Over the last four years, the number of executives reporting that their company had experienced a cyber breach has tripled, according to an RMS Cyber Security Special Report. Despite the increase in attacks, 93 percent of executives surveyed were confident in their company’s cyber security plan to safeguard data.
This disparity suggests dangerous overconfidence and a false sense of security. With more internet-connected devices than there are people in the world and the continued digital migration of business functions, the risk of a cyber attack is greater than ever.
Contributing to digital vulnerability are some pervasive cyber security myths that result in gaping holes in digital defenses.
To help you avoid costly security mistakes, here we address five of the most common cyber security misconceptions.
Cyber Security Myths
- Cyber Security is an IT department issue
Does your sales team make digital records of customer information? Do you have an inventory planner that makes online payments? Do you store vendor or client information in a logistics system? If you answered yes, then you realize these departments need to be part of any cyber security plan.The notion that cyber security is the sole responsibility of the IT department is a dangerous mindset that will likely lead to weak links in your cyber defenses that cybercriminals will exploit.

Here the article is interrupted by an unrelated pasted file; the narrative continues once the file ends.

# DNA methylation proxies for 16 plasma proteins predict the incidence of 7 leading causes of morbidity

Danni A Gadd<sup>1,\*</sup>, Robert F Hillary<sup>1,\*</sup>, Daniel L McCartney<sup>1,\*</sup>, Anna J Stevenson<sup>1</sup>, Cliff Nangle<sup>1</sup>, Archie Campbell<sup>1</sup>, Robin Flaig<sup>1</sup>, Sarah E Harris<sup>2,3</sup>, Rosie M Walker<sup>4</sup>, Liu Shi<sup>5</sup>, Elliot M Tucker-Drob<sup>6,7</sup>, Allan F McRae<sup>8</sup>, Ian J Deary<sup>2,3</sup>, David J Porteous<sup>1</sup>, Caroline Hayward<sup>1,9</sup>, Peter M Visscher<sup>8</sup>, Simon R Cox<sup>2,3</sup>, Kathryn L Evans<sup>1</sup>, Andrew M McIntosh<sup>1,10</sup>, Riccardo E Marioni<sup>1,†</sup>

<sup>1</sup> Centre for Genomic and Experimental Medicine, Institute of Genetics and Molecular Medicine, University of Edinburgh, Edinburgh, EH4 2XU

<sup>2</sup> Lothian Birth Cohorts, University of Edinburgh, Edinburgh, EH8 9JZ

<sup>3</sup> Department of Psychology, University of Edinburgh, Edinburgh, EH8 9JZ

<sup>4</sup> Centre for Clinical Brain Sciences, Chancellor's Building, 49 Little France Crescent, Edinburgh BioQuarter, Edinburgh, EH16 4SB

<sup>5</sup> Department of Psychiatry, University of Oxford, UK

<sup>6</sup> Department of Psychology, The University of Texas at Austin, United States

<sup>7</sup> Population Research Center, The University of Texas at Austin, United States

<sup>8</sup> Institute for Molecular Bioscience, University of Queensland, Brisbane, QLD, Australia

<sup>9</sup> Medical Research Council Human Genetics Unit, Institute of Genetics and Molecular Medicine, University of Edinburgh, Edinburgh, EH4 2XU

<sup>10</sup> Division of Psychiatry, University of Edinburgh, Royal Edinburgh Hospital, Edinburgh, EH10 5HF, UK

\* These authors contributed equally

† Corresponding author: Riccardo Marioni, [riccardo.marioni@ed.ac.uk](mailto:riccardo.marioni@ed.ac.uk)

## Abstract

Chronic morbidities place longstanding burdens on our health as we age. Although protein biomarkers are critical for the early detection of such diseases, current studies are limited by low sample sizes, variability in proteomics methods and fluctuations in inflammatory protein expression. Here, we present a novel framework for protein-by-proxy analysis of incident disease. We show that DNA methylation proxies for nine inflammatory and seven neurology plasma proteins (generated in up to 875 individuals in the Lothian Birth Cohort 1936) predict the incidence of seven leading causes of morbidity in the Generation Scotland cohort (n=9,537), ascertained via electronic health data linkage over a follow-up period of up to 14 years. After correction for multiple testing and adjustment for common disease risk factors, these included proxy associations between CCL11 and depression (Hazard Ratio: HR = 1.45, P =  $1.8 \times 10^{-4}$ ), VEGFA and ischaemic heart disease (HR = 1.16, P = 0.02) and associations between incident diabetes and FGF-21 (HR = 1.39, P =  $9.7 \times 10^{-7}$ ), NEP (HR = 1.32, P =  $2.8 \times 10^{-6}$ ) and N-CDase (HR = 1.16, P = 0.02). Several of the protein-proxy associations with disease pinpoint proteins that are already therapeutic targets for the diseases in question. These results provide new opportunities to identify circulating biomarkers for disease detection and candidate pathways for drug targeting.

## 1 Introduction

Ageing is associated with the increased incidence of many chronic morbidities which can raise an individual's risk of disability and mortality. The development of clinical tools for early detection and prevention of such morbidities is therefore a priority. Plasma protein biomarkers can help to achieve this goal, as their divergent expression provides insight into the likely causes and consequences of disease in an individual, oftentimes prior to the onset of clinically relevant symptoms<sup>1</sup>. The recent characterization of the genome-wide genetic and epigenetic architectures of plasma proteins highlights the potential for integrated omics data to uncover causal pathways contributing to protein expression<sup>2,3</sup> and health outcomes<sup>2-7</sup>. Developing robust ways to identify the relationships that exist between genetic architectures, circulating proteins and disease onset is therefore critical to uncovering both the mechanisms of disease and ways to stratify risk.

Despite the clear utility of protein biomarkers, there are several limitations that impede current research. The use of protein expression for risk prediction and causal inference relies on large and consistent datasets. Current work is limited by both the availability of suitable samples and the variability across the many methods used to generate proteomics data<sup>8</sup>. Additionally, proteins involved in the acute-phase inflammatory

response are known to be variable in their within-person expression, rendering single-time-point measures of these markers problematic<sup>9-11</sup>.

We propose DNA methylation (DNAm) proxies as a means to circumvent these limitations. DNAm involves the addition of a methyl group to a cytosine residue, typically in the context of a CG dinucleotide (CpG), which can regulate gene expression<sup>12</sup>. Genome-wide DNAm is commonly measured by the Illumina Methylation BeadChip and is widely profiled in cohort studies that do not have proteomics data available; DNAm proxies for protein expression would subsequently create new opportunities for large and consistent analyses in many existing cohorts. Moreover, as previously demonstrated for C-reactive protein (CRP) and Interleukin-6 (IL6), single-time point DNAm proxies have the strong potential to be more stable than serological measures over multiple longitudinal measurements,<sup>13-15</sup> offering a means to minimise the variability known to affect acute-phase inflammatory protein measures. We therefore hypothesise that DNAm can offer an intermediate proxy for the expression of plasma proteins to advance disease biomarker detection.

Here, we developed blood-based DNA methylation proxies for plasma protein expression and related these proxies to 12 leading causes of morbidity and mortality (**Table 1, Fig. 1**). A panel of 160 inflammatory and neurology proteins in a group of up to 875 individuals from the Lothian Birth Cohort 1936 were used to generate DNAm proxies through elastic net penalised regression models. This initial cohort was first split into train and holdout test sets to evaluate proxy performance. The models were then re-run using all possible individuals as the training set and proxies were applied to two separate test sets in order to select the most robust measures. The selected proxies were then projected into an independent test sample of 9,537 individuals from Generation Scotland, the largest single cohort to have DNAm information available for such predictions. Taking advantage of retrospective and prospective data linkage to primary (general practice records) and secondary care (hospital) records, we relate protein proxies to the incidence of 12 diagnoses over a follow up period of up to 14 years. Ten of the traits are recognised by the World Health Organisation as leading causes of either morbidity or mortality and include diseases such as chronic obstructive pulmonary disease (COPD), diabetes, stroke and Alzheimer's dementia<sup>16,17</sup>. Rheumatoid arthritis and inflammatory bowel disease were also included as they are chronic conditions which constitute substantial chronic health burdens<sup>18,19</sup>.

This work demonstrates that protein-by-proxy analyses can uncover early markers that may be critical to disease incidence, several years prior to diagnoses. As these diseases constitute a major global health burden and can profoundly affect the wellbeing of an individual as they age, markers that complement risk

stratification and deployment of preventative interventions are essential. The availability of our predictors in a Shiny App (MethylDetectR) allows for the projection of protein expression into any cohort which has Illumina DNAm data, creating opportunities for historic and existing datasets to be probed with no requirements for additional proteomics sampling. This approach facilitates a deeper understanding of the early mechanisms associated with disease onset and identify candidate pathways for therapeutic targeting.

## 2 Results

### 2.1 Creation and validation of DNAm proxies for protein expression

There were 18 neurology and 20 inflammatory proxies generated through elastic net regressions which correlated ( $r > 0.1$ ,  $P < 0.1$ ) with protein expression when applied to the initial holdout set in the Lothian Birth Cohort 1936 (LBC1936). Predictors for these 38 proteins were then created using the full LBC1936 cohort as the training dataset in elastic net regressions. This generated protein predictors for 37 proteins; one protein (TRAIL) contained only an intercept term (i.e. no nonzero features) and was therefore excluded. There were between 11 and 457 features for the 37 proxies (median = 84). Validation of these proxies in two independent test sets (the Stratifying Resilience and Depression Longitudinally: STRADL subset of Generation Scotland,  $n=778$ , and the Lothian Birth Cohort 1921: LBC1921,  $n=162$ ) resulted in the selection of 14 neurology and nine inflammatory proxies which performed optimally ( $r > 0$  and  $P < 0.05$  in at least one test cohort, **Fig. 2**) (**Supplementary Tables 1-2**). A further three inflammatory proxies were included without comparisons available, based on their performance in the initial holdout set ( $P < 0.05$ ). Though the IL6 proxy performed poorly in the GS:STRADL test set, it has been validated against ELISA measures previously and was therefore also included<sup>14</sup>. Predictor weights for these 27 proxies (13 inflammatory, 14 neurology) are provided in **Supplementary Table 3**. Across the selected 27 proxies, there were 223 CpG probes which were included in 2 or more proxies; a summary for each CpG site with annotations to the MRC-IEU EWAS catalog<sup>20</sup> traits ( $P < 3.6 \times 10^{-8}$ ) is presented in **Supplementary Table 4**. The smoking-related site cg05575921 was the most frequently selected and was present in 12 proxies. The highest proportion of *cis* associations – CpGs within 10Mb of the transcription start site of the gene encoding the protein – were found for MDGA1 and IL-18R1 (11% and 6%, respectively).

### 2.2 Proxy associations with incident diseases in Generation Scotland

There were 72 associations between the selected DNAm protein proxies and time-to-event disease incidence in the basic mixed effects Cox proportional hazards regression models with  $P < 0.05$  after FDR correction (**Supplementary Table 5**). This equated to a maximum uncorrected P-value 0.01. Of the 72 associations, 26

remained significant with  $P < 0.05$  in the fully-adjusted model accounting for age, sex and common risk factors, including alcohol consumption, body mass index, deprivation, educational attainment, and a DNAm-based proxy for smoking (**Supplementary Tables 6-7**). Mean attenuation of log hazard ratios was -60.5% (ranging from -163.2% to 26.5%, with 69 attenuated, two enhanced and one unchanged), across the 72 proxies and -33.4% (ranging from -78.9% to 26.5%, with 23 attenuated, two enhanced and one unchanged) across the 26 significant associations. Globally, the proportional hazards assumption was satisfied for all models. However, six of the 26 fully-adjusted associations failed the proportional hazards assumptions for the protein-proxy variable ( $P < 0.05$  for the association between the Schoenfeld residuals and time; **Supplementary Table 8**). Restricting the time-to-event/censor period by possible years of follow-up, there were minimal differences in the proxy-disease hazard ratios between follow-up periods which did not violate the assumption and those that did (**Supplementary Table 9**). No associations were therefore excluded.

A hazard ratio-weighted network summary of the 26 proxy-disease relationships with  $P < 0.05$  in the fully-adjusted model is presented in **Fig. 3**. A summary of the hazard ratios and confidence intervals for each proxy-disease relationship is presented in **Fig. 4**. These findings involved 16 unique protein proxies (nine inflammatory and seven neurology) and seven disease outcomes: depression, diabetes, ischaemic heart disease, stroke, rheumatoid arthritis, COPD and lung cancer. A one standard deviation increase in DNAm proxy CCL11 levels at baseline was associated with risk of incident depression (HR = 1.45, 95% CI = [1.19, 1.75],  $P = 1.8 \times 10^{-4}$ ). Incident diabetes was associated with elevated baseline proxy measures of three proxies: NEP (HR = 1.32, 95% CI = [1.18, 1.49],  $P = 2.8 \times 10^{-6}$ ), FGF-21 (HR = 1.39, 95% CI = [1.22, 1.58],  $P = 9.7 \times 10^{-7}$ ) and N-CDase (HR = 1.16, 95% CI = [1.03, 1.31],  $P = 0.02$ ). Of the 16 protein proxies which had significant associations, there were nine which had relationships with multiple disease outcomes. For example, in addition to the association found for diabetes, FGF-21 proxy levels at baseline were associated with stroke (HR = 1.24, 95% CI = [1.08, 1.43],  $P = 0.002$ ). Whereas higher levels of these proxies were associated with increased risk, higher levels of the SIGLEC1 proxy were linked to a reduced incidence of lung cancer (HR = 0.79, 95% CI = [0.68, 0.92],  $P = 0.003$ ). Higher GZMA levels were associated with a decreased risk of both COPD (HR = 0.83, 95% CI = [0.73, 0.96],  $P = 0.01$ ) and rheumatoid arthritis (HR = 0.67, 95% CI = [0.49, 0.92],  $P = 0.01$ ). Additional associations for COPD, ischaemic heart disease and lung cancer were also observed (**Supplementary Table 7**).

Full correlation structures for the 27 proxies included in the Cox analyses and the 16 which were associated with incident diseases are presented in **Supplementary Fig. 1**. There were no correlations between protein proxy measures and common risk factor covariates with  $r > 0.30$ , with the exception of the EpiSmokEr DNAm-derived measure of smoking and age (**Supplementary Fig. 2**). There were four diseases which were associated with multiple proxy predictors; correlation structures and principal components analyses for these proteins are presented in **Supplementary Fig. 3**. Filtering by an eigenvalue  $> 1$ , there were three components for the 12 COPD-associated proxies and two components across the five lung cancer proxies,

Whether it be on internal networks or public cloud, much of today’s business is digital and carried out online. The entire organization needs to be involved in safeguarding proprietary and customer information. Cyber security should be a top-down approach coordinated by company leaders. Executives should be aware of cyber risks and involved in implementing organization-wide policies and practices. This should include contingency and recovery plans in case of a breach, as well as employee awareness and best practices training.
- Only large enterprises are affected by cyber attacks
This misconception is reinforced by headlines like “100 Million CapitalOne Customers Hacked,” “Marriott Data Breach Affects 500 Million,” and “4 Billion Social Media Profiles Leaked.”While these stories reveal that even the largest, most well-resourced companies are not immune to cyber attacks, they obscure the fact that it is actually small and medium-sized enterprises that are most vulnerable. According to a NetDiligence Cyber Claims Study, 96 percent of cyber claims come from companies with less than $2 billion in annual revenue. With the average data breach costing $178,000, most small businesses are unable to recover in the wake of an attack and close their doors within six months.
- Only companies that house valuable data are at risk